Phytotoxic effects of the fungicide phosphite when used to control Phytophthora cinnamomi in native plant communities
Hardy, G., Holmes, J., Wilkinson, C., Tynan, K., McDougall, K., Dell, B., Colquhoun, I., McComb, J. and Roos, G. (1997) Phytotoxic effects of the fungicide phosphite when used to control Phytophthora cinnamomi in native plant communities. In: 11th Biennial Conference of the Australasian Plant Pathology Society, 29 September - 2 October, Perth, Western Australia.
Phosphite controls many plant diseases caused by Phytophthora, even at concentrations in planta which only partially inhibit pathogen growth in vitro. It is unique among fungicides in that it is translocated in both the xylem and phloem. This property, along with their good water solubility, enables them to be applied to tree crops by trunk injection, aerial application or backpack spray units for the control of Phytophthora root rots. One of the consequences of phosphite treatment is that it induces a strong and rapid defence response in the challenged plant. These defence responses stop pathogen spread in a large number of hosts.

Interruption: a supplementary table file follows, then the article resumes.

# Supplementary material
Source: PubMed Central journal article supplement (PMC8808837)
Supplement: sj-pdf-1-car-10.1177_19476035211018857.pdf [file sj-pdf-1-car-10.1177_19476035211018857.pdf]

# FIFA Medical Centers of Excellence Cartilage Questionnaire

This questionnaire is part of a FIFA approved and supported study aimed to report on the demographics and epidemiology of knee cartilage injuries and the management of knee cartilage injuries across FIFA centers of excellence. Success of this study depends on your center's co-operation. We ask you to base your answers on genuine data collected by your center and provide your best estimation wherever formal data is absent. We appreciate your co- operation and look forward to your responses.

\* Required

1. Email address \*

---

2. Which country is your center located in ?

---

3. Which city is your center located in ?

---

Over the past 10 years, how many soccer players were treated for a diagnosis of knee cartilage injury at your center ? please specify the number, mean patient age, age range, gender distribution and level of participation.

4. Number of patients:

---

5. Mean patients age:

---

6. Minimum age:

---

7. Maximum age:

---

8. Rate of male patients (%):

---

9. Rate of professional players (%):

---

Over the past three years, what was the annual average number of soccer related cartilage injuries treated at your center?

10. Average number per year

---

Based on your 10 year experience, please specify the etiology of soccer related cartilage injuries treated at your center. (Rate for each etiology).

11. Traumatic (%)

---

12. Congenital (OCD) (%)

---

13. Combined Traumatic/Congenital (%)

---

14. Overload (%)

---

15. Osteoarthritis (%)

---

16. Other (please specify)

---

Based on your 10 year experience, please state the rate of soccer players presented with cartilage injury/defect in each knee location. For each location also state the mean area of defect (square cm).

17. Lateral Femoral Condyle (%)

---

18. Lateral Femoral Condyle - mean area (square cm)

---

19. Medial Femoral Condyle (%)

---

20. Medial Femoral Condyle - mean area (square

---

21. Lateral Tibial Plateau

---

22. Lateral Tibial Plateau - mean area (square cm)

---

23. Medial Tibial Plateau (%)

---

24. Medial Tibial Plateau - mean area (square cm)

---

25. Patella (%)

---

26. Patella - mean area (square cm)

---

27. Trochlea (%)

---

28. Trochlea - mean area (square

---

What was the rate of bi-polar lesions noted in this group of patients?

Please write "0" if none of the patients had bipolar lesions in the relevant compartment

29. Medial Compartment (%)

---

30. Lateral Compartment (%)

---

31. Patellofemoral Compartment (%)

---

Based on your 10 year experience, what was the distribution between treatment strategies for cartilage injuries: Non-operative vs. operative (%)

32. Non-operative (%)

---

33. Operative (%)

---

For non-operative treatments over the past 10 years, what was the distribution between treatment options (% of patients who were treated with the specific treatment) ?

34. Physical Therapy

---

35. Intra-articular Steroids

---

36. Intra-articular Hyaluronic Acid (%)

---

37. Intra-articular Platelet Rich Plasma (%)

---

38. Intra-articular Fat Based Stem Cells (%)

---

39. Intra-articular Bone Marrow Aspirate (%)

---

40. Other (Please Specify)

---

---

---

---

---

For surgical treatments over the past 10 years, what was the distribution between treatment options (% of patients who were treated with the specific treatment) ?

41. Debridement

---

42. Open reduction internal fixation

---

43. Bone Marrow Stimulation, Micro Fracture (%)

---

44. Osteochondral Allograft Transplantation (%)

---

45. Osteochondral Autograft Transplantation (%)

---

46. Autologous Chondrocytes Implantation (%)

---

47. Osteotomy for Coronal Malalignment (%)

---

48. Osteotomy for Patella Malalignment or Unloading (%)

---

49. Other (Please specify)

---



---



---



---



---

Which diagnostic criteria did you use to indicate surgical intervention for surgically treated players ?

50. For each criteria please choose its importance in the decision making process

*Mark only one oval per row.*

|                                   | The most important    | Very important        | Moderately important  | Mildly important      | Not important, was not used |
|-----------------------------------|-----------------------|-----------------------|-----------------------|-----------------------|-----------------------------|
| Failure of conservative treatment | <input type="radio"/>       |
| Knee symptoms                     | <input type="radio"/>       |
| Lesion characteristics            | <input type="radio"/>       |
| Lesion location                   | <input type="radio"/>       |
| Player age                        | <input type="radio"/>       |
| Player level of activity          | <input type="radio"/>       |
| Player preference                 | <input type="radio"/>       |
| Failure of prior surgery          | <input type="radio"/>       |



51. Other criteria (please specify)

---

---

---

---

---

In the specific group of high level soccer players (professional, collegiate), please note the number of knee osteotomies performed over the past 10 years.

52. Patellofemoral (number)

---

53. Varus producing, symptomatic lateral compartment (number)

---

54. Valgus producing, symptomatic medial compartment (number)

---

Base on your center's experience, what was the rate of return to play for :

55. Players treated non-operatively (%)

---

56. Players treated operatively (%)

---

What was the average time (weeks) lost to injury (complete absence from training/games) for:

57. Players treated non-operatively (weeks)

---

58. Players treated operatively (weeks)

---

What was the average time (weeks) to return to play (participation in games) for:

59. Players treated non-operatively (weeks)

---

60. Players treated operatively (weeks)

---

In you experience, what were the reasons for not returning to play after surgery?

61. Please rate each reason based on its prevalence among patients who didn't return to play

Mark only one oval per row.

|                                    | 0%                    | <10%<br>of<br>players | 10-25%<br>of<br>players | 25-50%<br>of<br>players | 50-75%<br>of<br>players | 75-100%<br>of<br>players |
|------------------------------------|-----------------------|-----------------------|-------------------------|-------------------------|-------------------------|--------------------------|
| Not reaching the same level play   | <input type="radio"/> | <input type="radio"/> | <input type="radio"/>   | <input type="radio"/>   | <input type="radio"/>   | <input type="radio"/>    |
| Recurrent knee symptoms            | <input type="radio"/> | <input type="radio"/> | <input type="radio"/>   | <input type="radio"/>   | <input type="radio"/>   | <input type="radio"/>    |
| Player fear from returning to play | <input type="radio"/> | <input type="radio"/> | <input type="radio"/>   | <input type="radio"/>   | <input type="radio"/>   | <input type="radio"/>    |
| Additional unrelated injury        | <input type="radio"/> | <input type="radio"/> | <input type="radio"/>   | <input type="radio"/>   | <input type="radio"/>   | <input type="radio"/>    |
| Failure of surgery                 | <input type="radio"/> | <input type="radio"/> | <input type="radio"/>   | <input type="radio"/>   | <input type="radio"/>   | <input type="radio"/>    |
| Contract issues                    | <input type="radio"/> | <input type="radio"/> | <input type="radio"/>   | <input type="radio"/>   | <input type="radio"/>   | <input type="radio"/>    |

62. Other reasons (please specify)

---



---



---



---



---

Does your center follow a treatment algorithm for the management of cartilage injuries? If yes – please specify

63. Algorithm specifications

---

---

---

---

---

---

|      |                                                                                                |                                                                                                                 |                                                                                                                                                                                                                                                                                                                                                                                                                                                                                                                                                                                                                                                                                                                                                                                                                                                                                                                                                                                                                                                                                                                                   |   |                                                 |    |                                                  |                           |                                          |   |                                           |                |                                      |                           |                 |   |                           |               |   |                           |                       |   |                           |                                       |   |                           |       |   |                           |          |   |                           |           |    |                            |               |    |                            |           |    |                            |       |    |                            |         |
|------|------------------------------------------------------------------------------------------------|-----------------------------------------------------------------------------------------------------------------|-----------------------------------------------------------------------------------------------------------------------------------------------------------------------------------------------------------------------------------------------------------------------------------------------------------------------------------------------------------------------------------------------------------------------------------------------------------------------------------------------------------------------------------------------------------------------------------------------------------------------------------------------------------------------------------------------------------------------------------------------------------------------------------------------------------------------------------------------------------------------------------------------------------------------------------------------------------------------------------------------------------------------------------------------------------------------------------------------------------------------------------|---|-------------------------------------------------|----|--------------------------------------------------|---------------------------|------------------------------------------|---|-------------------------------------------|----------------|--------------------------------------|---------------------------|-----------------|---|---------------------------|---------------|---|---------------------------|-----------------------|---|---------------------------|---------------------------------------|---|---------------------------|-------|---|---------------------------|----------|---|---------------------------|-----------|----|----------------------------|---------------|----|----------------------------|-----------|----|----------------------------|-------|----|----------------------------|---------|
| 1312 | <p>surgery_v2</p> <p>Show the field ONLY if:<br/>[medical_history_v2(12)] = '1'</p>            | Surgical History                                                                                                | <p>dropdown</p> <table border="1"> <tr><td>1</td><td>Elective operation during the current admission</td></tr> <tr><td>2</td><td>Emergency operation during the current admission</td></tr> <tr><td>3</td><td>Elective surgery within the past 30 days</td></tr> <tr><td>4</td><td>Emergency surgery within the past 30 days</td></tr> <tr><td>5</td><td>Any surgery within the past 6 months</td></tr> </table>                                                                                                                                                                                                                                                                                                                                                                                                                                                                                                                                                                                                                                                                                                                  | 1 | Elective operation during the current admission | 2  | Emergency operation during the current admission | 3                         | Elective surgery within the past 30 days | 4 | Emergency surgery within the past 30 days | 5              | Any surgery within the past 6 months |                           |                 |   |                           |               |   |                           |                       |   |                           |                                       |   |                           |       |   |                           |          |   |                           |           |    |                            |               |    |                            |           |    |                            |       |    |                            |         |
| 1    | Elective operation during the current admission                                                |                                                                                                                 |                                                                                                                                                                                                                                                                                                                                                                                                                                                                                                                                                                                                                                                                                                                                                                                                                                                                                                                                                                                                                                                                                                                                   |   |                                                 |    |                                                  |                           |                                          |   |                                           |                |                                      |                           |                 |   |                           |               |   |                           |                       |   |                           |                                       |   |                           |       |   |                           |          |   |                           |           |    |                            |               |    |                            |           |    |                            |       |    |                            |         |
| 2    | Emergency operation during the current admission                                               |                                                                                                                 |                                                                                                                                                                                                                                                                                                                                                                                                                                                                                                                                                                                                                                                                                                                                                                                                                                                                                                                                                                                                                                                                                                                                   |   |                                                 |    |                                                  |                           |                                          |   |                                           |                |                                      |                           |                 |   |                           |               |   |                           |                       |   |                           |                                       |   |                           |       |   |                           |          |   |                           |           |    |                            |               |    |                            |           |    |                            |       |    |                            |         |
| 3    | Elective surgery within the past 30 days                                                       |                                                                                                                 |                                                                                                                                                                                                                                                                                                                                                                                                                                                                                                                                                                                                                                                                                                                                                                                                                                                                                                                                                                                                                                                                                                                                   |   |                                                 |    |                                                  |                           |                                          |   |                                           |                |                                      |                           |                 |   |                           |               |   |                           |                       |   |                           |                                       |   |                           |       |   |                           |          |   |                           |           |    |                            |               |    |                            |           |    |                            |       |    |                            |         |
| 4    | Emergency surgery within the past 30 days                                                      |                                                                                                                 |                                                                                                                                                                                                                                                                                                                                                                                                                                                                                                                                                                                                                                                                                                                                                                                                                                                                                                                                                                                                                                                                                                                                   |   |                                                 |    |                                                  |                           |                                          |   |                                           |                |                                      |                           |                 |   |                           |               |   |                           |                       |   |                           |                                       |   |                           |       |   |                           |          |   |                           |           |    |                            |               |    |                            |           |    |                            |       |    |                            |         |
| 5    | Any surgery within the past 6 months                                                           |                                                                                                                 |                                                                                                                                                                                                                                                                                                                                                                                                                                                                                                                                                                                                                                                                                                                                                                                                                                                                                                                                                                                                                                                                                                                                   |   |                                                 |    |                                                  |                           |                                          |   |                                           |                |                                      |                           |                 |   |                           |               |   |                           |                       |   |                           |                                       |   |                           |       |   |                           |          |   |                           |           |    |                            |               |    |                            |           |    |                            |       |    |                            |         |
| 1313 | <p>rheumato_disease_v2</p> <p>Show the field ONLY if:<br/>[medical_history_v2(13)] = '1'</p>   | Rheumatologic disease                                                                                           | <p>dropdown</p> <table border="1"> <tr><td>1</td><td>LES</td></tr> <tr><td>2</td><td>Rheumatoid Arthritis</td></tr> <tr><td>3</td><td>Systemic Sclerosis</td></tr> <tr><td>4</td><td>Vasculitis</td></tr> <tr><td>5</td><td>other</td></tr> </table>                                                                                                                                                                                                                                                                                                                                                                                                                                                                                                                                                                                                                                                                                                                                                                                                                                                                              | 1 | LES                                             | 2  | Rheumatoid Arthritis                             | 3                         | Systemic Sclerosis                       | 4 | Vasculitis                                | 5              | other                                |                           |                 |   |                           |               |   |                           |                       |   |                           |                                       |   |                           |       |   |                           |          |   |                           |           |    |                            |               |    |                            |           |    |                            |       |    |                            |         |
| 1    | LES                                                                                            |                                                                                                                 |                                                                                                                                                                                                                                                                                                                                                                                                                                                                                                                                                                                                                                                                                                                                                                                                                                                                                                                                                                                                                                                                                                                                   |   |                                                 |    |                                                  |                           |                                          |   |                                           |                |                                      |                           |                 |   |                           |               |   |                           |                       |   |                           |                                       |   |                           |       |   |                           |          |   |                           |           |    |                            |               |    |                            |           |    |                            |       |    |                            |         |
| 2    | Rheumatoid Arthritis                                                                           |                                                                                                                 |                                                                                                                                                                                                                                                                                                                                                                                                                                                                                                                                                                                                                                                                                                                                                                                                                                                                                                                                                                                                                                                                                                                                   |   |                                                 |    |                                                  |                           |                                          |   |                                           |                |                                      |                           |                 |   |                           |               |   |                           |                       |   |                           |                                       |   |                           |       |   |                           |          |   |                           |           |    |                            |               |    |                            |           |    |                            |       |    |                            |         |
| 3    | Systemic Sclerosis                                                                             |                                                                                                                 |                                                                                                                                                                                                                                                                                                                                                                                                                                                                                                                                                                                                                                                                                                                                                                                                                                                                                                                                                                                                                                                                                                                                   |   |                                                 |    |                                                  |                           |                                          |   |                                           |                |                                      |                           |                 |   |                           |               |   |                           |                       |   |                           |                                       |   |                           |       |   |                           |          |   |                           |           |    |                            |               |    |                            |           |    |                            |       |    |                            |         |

The Department of Conservation and Land Management (CALM) in Western Australia has conducted research• on the potential of phosphite to control Phytophthora spp. in a few plant species. Recent work completed at Murdoch University in conjuction with Alcoa of Australia Ltd and CALM has indicated that some plants (i) vary in their response to phosphite as the concentration increases, (ii) are affected by and recover from phytotoxicity in different ways and time periods, (iii) distribute phosphite differently within the plant, and (iv) sometimes reduce flowering and seed set. A series of trials are currently being conducted to investigate these points on a range of native plant species from different areas within Western Australia.
|Publication Type:||Conference Item|
|Murdoch Affiliation:||School of Biological and Environmental Sciences|
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